Court also offered guidance to agencies and lower courts in determining rights of access and referred
to several decisions it had previously rendered, directing that:

"...to invoke one of the exemptions of section 87(2), the agency must
articulate 'particularized and specific justification' for not disclosing
requested documents (Matter of Fink v. Lefkowitz, supra, 47 N.Y.2d,
at 571, 419 N.Y.S.2d 467, 393 N.E.2d 463). If the court is unable to
determine whether withheld documents fall entirely within the scope
of the asserted exemption, it should conduct an in camera inspection
of representative documents and order disclosure of all nonexempt,
appropriately redacted material (see, Matter of Xerox Corp. v. Town
of Webster, 65 N.Y.2d 131, 133, 490 N.Y.S. 2d, 488, 480 N.E.2d 74;
Matter of Farbman & Sons v. New York City Health & Hosps. Corp.,
supra, 62 N.Y.2d, at 83, 476 N.Y.S.2d 69, 464 N.E.2d 437)" (id.).

The most expansive decision relating to the issue, Orange County Publications, Inc. v.
County of Orange [637 NYS 2d 596 (1995)], involved a request for "the amount of money paid in
1994 to a particular law firm for legal services rendered in representing the County in a landfill
expansion suit, as well as "copies of invoices, bills, vouchers submitted to the county from the law
firm justifying and itemizing the expenses for 1994" (id., 599). Although monthly bills indicating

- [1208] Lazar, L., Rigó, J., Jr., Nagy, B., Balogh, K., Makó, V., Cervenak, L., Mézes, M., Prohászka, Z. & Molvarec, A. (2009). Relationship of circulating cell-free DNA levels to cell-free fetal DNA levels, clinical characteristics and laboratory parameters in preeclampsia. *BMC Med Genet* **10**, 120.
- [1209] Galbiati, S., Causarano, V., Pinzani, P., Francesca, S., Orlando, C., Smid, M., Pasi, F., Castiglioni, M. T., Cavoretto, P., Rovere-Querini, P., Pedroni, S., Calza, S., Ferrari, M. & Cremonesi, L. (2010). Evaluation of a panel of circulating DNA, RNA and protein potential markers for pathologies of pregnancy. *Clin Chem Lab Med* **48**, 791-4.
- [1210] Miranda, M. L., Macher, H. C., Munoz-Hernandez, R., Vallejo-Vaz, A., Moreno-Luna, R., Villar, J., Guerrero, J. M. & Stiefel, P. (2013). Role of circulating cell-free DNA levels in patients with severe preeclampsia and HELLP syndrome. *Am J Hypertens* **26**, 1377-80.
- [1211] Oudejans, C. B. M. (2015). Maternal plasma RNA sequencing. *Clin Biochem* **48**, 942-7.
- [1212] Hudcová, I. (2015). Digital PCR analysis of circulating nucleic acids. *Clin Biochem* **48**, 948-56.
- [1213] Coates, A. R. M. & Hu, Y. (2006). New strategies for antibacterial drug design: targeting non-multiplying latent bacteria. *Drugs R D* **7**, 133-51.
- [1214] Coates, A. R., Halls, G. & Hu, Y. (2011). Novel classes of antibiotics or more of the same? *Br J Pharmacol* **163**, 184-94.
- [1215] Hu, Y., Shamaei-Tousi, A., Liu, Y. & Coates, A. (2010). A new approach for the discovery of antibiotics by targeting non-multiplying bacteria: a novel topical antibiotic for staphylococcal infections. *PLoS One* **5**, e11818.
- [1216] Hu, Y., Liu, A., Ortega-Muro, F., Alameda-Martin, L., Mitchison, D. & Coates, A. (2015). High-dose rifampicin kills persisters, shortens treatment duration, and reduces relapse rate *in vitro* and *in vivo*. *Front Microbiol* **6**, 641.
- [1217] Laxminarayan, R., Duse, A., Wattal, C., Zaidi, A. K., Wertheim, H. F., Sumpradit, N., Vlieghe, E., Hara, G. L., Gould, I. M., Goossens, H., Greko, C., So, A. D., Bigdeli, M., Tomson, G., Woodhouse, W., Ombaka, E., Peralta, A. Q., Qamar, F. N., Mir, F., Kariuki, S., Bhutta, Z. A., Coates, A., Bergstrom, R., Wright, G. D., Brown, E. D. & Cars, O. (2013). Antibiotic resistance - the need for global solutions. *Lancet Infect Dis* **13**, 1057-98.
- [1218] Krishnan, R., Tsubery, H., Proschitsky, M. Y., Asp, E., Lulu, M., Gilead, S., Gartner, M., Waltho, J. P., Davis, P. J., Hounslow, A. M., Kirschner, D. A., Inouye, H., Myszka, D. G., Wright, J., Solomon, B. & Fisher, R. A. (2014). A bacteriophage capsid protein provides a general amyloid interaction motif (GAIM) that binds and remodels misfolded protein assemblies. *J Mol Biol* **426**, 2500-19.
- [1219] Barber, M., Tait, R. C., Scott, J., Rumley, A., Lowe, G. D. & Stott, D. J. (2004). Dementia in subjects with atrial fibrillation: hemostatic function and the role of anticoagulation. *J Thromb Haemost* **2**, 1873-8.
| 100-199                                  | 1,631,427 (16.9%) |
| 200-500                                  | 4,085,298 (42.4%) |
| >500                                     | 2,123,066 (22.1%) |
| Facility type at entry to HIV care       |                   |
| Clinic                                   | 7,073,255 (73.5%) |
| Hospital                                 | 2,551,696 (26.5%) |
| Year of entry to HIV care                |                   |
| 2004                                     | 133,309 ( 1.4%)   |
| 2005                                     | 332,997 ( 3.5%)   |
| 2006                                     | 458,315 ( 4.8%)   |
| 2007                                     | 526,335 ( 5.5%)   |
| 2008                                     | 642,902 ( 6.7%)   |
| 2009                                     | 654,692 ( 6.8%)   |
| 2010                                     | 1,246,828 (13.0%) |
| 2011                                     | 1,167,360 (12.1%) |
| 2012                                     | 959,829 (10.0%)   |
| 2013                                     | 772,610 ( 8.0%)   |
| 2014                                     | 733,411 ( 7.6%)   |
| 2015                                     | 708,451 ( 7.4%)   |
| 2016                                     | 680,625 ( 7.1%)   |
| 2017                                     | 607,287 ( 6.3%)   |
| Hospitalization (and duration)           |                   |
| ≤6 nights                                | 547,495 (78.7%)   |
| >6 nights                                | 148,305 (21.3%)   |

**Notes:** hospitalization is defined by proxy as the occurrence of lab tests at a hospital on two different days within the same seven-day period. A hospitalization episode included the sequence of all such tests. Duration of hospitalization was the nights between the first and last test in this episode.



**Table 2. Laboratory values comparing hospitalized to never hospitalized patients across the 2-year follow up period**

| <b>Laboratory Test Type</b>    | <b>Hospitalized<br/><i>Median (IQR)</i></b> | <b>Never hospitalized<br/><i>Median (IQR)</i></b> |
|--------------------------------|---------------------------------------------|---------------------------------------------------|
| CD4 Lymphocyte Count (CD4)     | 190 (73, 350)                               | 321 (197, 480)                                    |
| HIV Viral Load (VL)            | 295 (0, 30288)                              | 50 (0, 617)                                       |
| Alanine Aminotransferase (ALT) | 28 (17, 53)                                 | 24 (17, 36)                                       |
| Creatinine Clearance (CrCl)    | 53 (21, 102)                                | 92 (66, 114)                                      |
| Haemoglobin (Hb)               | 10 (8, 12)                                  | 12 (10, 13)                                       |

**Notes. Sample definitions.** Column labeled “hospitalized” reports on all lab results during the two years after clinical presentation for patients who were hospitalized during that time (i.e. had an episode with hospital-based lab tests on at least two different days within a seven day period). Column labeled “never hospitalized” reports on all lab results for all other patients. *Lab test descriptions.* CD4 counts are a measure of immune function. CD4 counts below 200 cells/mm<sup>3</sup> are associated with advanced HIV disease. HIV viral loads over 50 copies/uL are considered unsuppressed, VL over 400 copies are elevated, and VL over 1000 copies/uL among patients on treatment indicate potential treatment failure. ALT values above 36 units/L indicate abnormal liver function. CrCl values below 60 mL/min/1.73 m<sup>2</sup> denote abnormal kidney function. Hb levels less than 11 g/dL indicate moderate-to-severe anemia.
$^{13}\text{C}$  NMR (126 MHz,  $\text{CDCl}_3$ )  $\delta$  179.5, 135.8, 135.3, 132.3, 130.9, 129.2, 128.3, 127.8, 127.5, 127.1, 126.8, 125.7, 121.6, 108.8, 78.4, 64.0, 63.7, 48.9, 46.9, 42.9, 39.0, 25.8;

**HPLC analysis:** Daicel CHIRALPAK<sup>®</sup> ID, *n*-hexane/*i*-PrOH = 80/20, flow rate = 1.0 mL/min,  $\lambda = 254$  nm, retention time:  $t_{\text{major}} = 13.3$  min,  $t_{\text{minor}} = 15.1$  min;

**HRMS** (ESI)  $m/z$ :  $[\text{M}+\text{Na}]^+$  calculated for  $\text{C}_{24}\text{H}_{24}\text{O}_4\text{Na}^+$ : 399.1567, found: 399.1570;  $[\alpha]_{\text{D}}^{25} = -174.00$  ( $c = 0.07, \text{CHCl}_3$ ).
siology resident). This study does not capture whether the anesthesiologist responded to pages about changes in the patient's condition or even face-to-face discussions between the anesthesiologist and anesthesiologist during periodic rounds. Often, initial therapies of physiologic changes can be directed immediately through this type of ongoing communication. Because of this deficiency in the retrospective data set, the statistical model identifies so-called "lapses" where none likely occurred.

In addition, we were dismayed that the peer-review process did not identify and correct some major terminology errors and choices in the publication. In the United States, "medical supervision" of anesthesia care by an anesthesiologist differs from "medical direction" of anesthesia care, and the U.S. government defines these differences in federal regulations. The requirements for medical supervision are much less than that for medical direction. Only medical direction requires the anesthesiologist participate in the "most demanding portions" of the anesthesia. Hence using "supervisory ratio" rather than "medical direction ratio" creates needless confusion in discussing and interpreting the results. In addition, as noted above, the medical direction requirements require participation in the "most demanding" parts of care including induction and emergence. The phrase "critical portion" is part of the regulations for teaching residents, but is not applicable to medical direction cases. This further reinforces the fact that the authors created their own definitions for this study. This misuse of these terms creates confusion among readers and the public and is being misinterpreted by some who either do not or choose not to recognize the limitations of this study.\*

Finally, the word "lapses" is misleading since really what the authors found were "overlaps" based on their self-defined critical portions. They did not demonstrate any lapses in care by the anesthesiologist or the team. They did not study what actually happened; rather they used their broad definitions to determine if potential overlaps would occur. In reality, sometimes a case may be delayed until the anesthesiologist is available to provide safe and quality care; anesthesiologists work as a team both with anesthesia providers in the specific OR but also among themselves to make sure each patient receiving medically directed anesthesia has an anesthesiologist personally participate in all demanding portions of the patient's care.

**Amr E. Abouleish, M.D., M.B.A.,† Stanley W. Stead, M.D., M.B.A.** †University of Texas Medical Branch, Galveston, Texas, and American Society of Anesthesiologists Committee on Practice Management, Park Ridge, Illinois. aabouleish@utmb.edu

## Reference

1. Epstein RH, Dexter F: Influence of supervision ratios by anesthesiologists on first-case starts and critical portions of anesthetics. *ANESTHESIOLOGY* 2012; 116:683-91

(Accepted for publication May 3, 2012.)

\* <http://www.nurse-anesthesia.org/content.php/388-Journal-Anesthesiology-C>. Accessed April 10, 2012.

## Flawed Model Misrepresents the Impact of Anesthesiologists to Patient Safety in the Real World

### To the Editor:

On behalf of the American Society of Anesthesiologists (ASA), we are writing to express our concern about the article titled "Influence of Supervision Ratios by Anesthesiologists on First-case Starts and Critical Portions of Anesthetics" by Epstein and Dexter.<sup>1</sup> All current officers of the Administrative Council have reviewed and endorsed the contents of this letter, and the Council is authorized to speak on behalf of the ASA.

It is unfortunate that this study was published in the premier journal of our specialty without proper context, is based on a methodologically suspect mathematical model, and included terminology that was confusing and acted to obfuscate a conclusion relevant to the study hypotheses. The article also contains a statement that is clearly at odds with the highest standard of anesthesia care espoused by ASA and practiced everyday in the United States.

amounts charged by the firm were disclosed, the agency redacted "'the daily descriptions of the
specific tasks' (the description material) 'including descriptions of issues researched, meetings and
conversations between attorney and client'" (id.). The County offered several rationales for the
redactions; nevertheless, the court rejected all of them, in some instances fully, in others in part.

The first contention was that the descriptive material is specifically exempted from disclosure
by statute in conjunction with §87(2)(a) of the Freedom of Information Law and the assertion of the
attorney-client privilege pursuant to §4503 of the Civil Practice Law and Rules (CPLR). The court
found that the mere communication between the law firm and the County as its client does not
necessarily involve a privileged communication; rather, the court stressed that it is the content of the